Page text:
Trump supported the UK’s exit from the EU, and even threatened the British Prime Minister Theresa May with economic “measures” in the event of a “softer” Brexit. On June 1, Trump imposed duties on steel and aluminum imports from Europe and threatened to slap new ones – this time on imported European autos.

During the G7 summit in Canada in June, President Trump tried to drive a wedge between the Europeans. Finally, during the NATO summit in July, Trump made it clear that if Europeans refused to “cooperate,” Washington could roll back its military support and even withdraw the US military contingent from Germany. Washington has also made it clear that he considers any further EU foot-dragging on defense spending hikes as a deliberate policy by Europeans, who view the United States as an unfailing guarantor of their security.

During the first half of 2018, the Europeans openly pushed back against Trump’s insistence that his G7 or NATO partners accept the dramatic change in Washington’s approach to these pillars of the Western world, their goals and objectives.

The emergence of Donald Trump has exposed the “royal nudity” of the European Union, which has not yet outlined a common foreign policy on major tracks, or come up with anything in terms of strengthening its power in order to be able to stand up to Washington’s demands.

On the other hand, the heavy-handed and self-serving US policy is too inconsistent as it tries to win over only the partners it can rely on in its fight against Chinese and Russian “revisionism.”

And still, watching the growing signs of US hostility, Europeans start asking themselves a virtually existential question, and that is where the current US Administration is going? Is this the beginning of a long-term trend, a fundamental change in US strategy, or a tactical zigzag meant to achieve some short-term goals? If it is the latter, just like it happened before, then will it be enough to just “wait it out”? If it is the former, will the EU opt for strategic autonomy as part of an increasingly amorphous, but civilizationally homogeneous West, or will it have to solve the colossal task  of creating a full-fledged European “power center” that would interact with the US, mainly, if not exclusively, on the principles of “Realpolitik”?

At the same time, a “wait-and-see” tactic could backfire against Europeans. On the other hand, the “all-strops-out” trade war between the US and China, which broke out last year, is forcing the EU to perform a balancing act, maneuvering its way between the world’s two largest economies. This necessitates an independent geo-economic policy in the face of a looming global economic recession. The long-term challenge to Europe is to build a new, previously unknown, system of international architecture: “economic bipolarity between the United States and China and strategic bipolarity between the United States and Russia.”

Experts believe that if Europeans want to push back against Washington’s plans and avoid the EU’s fragmentation, they should start thinking about making Europe stronger, and do it now.

By mid-2018, more and more European politicians had realized that, in the wake of the Cold War, Washington’s policy in Europe was aimed at undermining Europe’s global competitiveness. The question is, however, to what extent the American establishment as a whole shares Trump’s stated goal of maintaining or increasing America’s dominance, even at the cost of economically destroying the “allies,” who are now being perceived by Washington as competitors.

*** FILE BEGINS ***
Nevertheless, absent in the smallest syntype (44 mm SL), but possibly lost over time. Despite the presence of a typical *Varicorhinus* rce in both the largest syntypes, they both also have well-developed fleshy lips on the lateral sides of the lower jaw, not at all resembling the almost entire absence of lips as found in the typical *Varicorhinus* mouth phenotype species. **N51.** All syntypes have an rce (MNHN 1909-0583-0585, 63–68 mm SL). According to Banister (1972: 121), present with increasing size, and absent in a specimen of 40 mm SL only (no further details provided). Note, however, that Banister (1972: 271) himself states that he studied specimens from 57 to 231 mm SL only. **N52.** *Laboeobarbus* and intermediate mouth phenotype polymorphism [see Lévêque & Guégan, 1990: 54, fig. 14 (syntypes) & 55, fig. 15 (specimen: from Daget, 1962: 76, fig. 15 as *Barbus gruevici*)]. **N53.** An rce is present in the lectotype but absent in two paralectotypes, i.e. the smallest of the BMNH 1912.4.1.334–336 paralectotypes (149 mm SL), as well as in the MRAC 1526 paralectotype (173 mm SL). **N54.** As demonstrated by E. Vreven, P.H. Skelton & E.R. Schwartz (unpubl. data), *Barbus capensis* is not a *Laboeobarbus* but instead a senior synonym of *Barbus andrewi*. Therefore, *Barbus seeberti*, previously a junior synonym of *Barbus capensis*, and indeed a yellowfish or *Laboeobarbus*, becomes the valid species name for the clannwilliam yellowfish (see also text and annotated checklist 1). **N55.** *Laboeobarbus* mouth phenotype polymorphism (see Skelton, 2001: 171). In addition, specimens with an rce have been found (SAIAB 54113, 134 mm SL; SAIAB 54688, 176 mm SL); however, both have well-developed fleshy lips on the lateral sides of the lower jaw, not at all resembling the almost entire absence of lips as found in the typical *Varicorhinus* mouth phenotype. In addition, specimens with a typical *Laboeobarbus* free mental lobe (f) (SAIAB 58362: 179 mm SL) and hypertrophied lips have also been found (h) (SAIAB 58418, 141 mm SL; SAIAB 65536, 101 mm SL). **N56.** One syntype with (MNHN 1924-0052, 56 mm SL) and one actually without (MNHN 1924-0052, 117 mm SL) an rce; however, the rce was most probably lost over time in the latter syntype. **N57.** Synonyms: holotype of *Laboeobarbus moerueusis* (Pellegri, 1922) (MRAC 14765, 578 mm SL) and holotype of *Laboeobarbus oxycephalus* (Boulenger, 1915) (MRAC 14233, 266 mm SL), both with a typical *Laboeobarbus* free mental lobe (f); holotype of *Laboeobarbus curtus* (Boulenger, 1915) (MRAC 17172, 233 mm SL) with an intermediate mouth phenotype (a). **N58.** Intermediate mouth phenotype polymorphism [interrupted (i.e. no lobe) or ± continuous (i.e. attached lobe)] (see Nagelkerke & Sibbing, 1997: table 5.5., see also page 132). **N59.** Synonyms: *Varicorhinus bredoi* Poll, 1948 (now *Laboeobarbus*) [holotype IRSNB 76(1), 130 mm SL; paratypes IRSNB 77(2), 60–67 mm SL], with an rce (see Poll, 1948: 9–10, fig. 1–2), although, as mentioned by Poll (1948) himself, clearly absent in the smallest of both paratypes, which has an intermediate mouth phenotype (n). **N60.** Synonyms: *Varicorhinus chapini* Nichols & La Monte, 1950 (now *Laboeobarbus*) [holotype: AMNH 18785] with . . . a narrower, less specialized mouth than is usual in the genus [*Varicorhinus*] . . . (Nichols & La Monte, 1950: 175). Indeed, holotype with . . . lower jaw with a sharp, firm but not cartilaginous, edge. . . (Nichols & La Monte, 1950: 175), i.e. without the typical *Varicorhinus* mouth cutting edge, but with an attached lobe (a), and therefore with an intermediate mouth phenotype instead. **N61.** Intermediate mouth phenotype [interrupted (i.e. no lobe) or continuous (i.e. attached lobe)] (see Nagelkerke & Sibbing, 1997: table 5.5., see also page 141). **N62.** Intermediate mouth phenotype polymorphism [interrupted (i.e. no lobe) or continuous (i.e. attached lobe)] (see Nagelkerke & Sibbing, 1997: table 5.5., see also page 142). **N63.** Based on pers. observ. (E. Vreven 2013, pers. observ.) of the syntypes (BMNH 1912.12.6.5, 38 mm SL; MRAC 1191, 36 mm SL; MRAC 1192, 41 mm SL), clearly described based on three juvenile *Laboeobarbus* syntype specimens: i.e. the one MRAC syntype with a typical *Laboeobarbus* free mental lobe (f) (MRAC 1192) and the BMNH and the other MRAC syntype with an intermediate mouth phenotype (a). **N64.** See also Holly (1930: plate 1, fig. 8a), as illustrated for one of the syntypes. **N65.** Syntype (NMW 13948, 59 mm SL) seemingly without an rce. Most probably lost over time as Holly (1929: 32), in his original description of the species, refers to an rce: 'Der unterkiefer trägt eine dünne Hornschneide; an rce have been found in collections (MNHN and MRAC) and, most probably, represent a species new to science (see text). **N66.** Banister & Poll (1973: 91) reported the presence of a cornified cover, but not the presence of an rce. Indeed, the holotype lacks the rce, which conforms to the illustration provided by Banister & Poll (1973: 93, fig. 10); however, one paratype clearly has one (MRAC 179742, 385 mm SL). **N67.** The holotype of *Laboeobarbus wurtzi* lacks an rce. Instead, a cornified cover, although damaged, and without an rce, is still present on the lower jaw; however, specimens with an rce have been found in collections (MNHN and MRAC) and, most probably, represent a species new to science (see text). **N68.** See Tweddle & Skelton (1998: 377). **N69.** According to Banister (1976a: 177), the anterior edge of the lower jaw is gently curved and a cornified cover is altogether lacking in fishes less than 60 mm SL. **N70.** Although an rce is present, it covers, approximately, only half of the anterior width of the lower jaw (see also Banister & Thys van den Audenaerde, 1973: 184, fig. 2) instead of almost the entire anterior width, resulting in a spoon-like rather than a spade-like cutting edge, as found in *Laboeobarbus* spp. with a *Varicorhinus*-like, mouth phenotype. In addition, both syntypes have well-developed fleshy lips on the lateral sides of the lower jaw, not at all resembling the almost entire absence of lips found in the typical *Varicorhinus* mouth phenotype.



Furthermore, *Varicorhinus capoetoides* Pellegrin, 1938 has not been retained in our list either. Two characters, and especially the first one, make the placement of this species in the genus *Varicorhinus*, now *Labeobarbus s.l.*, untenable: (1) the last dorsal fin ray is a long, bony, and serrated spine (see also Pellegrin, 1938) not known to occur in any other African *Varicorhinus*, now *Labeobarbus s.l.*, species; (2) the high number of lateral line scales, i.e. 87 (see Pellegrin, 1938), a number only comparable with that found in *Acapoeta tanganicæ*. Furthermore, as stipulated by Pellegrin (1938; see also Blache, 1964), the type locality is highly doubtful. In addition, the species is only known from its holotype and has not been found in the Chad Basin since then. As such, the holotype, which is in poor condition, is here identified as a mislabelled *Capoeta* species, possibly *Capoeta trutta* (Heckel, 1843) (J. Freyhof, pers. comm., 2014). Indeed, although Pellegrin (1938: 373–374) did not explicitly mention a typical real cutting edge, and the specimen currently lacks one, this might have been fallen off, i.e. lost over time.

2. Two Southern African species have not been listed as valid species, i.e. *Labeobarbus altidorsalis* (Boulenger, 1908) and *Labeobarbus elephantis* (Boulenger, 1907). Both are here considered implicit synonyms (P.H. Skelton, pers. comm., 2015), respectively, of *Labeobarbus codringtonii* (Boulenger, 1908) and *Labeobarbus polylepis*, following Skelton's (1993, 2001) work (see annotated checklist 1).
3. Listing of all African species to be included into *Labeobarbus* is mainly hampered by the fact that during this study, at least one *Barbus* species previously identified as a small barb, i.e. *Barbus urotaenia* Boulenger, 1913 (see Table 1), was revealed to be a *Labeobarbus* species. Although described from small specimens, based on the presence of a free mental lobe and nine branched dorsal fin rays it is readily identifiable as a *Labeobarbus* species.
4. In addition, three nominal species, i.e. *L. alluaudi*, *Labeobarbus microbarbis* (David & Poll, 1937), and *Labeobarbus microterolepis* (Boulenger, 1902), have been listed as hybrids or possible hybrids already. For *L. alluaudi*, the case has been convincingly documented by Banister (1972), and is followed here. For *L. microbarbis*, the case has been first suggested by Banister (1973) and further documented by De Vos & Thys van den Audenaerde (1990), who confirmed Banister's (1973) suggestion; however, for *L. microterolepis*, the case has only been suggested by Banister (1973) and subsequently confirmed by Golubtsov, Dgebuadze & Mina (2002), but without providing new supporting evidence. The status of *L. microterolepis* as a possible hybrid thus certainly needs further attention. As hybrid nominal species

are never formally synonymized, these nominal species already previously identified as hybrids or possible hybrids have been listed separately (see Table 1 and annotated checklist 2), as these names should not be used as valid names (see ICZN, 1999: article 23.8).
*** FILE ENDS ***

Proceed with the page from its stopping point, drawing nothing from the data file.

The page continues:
Trump’s initiatives are clearly aimed against the very idea of European unity, which fuels European suspicions about his desire to implement the classic “divide and rule policy” in Europe.

Having all these factors in mind, the EU’s overarching task was to work out measures to resist Trump’s four-pronged “geopolitical attack” in trade, defense, on Iran and migration policy. On June 6, the European Commission approved €2.8 billion worth of import duties on US-made goods. Following the July visit to Washington by the European Commission President Jean-Claude Juncker, the Europeans achieved at least a semblance of a “truce” in their trade relations with the US. Surprisingly to many, the reconciliation had a demonstrative, even flashy character. After meeting Juncker, Trump said that the US was putting on hold the planned introduction of new tariffs on imported European goods, and would work to settle existing trade disputes in order to avoid a full-scale trade war.

According to experts, Europeans have no wish at all to share with the US the burden of a new economic slump, which Trump’s “reckless” protectionism may entail. Therefore, the EU could best respond to Trump’s policy by assuming the role of the leader of countries committed to preserving the rules of liberalism in international trade. The EU’s economic potential matches that of the United States and its economy is almost the only area of international relations where the bloc can act on a par with, or even independently, from Washington.

However, even though unable to compete economically with the US on a one-to-one basis, EU members remain divided on many issues. Fully aware of this, Donald Trump uses every opportunity available to try to pit them against one another.